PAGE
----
I don’t think there is a good solution, if the production has decided to go with a very realistic set.   So why not go with something less real — something more conceptual — something more abstract?  Well, it really isn’t that kind of show.  A single set play where characters speak the way people speak, and a plot that is plausible enough that you would believe your aunt when she tells you that this really happend to her in-laws’ neighbor.  When confronted with that type of play, realism is the natural answer.

Personally, I’m generally so repulsed by realistic scenery that I would fight against.  But I also imagine I would loose to most directors. (Actually, I don’t need to imagine it — I loose, because the director is ultimately right that realism is the natural answer.) 

So what do you do?  

You make it real, and hope the audience doesn’t notice the artificiality.  

The Dangers of the Imaginary World

Long ago, I used to work in television, and I used to have great fun looking at the various back drops that were available to rent.   The backdrops could be placed outside the window of a set to create a beautiful sky, exotic cityscape, snow topped mountains etc.   In fact, I had a little joke, when seeing a fantastic vista in the real world, I would ask “What backing number are they using today?”

When working in the entertainment industry, I look at everything I see as if it was a design.   Today walking across campus, I was annoyed with the “costume designer”  — whoever it was, was dressing way to many people in the same costume.  THEN it hit me, this was the real world.   No costume designer was to blame.

I like it when the world is as neat and tidy as it is on stage.   Every character is dressed in a harmonious styles and colors, yet everyone looks unique.  I like a beautiful sky.  I like great lighting.   I like great locations.   Great places, that are harmoniously put together.

And in much of the theatrical design I do, I am able to create these harmonious worlds.  But when reality is called for, I need to remember that too many people wear the same costume, furniture isn’t artfully arranged, and the perfect sky, sometimes isn’t so.

Passing a Class in College

No one ever really asks me how to succeed in a college class. They usually want to know how to “get an A,” as opposed how to learn something. Well, I decided to answer the question I wish students asked me: How do I learn as much as possible in college? Here is my answer (at least my answer at the moment.) Part of getting the “A” is doing well with the minutia of class. The following tips will help you succeed in a class. My college defines success as a “C” or better. More importantly, these tips will help you get the most out of your college class. You will learn more and retain more after you leave.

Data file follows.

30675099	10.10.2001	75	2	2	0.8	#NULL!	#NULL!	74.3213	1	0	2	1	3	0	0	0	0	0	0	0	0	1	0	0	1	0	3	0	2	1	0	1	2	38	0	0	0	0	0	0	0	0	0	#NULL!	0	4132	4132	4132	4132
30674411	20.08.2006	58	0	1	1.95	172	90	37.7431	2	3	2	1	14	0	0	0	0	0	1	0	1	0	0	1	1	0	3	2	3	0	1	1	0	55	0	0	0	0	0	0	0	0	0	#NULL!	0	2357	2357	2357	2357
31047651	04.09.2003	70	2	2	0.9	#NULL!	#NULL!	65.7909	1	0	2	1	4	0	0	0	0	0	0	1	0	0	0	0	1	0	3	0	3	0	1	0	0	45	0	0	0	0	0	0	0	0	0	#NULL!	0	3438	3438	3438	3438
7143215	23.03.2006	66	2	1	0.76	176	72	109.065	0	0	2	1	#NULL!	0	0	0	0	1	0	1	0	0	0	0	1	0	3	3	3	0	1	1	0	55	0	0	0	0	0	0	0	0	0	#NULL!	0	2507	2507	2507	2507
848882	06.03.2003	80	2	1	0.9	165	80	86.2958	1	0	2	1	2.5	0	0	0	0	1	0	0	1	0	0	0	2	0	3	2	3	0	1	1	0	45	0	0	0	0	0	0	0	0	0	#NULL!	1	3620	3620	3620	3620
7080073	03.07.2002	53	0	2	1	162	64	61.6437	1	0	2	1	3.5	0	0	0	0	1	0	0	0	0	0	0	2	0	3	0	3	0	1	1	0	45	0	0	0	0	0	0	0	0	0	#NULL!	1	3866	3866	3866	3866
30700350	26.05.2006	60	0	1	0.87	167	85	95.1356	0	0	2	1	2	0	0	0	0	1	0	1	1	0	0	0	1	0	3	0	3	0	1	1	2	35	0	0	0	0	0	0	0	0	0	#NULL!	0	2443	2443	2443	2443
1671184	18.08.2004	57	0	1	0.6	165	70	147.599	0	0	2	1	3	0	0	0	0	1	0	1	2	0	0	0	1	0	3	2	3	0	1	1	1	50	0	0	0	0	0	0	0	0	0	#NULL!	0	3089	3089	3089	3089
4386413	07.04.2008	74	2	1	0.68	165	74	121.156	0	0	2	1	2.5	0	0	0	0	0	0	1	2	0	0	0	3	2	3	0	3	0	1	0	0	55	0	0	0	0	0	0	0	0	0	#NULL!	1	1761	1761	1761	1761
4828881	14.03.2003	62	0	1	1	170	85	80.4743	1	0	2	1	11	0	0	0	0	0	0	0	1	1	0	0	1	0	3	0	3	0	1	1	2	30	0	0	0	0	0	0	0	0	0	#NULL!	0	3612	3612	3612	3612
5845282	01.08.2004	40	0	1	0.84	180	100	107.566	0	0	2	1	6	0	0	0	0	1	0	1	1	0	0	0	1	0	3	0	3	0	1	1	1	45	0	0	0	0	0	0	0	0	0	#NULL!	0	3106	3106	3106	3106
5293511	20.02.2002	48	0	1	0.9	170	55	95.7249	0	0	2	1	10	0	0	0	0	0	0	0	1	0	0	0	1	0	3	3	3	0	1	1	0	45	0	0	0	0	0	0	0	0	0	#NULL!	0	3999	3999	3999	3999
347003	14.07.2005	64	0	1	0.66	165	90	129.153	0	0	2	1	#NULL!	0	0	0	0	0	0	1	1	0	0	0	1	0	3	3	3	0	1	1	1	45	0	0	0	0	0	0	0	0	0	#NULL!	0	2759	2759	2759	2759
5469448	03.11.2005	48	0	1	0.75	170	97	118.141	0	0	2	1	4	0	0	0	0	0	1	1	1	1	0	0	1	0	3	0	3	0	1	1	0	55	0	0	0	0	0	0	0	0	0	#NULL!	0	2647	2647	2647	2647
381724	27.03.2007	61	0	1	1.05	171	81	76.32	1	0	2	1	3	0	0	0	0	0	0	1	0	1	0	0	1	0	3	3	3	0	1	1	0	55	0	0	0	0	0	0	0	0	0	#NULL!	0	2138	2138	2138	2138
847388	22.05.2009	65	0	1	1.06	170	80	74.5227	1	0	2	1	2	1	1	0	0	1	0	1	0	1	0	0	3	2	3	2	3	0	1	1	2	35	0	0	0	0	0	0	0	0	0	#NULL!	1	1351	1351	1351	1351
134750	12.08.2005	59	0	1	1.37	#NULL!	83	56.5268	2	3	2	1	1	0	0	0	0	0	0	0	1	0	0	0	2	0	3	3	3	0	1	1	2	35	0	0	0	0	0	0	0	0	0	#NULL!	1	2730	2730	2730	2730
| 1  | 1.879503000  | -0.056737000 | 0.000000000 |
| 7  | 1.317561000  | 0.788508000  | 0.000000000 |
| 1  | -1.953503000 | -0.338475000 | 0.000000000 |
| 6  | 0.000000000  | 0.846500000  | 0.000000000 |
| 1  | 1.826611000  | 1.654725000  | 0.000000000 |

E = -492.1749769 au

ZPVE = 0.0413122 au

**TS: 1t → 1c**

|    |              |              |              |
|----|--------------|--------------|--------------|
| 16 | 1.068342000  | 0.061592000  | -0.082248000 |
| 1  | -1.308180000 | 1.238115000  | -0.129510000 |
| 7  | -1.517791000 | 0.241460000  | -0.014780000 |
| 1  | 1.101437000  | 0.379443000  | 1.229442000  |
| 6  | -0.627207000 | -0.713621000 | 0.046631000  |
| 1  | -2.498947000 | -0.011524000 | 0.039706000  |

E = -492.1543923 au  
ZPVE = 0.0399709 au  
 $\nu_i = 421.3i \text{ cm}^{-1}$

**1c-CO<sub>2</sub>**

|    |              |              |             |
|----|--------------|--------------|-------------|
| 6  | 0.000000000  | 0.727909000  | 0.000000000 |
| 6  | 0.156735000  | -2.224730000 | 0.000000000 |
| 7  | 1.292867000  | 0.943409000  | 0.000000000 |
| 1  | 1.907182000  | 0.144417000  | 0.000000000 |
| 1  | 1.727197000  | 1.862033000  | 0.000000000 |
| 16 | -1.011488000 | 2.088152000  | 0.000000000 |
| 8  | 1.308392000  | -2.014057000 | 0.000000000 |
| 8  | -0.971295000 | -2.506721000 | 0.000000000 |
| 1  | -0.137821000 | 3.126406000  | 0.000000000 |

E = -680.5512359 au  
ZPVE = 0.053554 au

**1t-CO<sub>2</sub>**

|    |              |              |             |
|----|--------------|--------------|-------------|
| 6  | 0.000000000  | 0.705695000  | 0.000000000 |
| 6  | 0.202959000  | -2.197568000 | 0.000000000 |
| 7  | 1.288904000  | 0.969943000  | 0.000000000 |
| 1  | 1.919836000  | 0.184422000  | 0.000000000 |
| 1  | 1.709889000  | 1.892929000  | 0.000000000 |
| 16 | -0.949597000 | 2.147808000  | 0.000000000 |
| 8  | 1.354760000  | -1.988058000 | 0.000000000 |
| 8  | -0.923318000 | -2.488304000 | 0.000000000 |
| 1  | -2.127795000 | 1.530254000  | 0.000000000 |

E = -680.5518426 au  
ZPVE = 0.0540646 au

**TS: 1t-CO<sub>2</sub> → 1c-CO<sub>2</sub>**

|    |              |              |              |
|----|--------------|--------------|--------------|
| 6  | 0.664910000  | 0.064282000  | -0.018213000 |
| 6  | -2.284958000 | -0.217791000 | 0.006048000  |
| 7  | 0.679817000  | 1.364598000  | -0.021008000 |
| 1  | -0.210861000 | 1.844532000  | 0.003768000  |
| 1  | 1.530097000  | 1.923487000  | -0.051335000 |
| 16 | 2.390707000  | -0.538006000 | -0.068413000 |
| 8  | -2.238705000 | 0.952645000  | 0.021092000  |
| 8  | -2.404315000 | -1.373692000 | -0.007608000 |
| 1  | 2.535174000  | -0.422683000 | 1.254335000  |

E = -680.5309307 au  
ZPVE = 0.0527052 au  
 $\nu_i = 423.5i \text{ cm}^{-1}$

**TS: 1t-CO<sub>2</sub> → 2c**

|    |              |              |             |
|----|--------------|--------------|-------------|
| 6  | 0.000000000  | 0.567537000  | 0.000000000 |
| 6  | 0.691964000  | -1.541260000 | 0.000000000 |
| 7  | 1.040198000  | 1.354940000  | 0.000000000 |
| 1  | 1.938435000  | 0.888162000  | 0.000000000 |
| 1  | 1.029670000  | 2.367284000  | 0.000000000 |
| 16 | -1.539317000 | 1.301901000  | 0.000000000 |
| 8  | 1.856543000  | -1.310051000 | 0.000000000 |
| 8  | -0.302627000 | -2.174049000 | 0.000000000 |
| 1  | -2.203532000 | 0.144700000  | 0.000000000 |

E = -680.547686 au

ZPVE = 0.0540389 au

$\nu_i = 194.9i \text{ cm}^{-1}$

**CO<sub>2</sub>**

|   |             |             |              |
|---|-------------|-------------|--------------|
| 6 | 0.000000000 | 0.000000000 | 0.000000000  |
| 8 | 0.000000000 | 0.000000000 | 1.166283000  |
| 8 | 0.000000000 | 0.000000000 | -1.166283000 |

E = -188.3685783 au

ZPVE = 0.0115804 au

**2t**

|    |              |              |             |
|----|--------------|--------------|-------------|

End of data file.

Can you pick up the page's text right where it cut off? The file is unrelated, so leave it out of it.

I always tell students they should question the qualifications of the article they are reading. So, here are mine: I’m a college professor, and I’m grading students. I see what students are successful in my class, and I see which ones are not successful. Some students get a C or better with out doing all of these. Students who earn the As and Bs seem to do all of these.

So here they are, my top ten tips for succeeding in college:

1) Go to class! You are in college, no one is making you go. Sure every class has attendance policies, and you should pay attention to them. But going to class is more important than just those policies! Even if teachers just seem like they are reiterating what is in the text book, the lecture is more focused (and more likely to be on the test.) Unlike a text book, if you are confused you can ask the teacher a question – and they will answer. Also regular attendance can make the difference if you are borderline on a grade. Teachers who see the effort are more likely to give you the benefit of the doubt about weather to round up to the “A” or down to the “B”

2) Be on time! Most classrooms are not set up to allow students to sneak into class late. Yes, it happens on occasion: Bad weather, traffic, late bus, etc. But it if happens to you regularly, you need to make some adjustments in your schedule. Professors know who is coming in late. They don’t like it. It will hurt your grade.

3) Participate! Sitting in class like a lump on a log doesn’t help your learning or your grade. Answer questions when the instructor asks. Ask questions when you don’t understand. It isn’t a bad idea to try to force yourself to speak in class at least once each session.